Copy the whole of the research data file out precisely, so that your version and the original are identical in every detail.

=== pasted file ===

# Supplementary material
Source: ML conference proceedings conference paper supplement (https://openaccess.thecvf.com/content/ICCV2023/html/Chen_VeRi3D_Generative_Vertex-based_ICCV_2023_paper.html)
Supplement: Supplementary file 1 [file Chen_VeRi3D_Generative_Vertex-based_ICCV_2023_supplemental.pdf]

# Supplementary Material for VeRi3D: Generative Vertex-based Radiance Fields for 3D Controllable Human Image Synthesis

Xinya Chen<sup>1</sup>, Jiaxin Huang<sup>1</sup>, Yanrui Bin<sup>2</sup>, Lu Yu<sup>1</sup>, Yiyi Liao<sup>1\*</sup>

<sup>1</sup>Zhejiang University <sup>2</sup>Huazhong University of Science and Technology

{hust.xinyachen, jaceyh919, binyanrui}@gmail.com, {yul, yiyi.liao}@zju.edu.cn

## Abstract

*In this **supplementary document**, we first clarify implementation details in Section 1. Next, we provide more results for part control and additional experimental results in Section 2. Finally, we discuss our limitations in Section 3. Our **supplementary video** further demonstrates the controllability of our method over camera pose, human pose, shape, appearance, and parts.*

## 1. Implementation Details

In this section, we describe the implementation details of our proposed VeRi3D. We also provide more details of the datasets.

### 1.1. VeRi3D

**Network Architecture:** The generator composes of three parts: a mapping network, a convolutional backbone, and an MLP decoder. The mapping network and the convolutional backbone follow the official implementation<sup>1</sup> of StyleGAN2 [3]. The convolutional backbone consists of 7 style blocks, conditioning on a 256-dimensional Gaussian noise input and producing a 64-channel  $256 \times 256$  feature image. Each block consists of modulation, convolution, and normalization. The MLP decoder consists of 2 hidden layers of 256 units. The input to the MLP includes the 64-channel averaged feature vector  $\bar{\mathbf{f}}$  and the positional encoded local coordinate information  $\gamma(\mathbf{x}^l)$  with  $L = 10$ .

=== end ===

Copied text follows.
# Supplementary material
Source: ML conference proceedings conference paper supplement (https://openaccess.thecvf.com/content/ICCV2023/html/Chen_VeRi3D_Generative_Vertex-based_ICCV_2023_paper.html)
Supplement: Supplementary file 1 [file Chen_VeRi3D_Generative_Vertex-based_ICCV_2023_supplemental.pdf]

# Supplementary Material for VeRi3D: Generative Vertex-based Radiance Fields for 3D Controllable Human Image Synthesis

Xinya Chen<sup>1</sup>, Jiaxin Huang<sup>1</sup>, Yanrui Bin<sup>2</sup>, Lu Yu<sup>1</sup>, Yiyi Liao<sup>1\*</sup>

<sup>1</sup>Zhejiang University <sup>2</sup>Huazhong University of Science and Technology

{hust.xinyachen, jaceyh919, binyanrui}@gmail.com, {yul, yiyi.liao}@zju.edu.cn

## Abstract

*In this **supplementary document**, we first clarify implementation details in Section 1. Next, we provide more results for part control and additional experimental results in Section 2. Finally, we discuss our limitations in Section 3. Our **supplementary video** further demonstrates the controllability of our method over camera pose, human pose, shape, appearance, and parts.*

## 1. Implementation Details

In this section, we describe the implementation details of our proposed VeRi3D. We also provide more details of the datasets.

### 1.1. VeRi3D

**Network Architecture:** The generator composes of three parts: a mapping network, a convolutional backbone, and an MLP decoder. The mapping network and the convolutional backbone follow the official implementation<sup>1</sup> of StyleGAN2 [3]. The convolutional backbone consists of 7 style blocks, conditioning on a 256-dimensional Gaussian noise input and producing a 64-channel  $256 \times 256$  feature image. Each block consists of modulation, convolution, and normalization. The MLP decoder consists of 2 hidden layers of 256 units. The input to the MLP includes the 64-channel averaged feature vector  $\bar{\mathbf{f}}$  and the positional encoded local coordinate information  $\gamma(\mathbf{x}^l)$  with  $L = 10$ .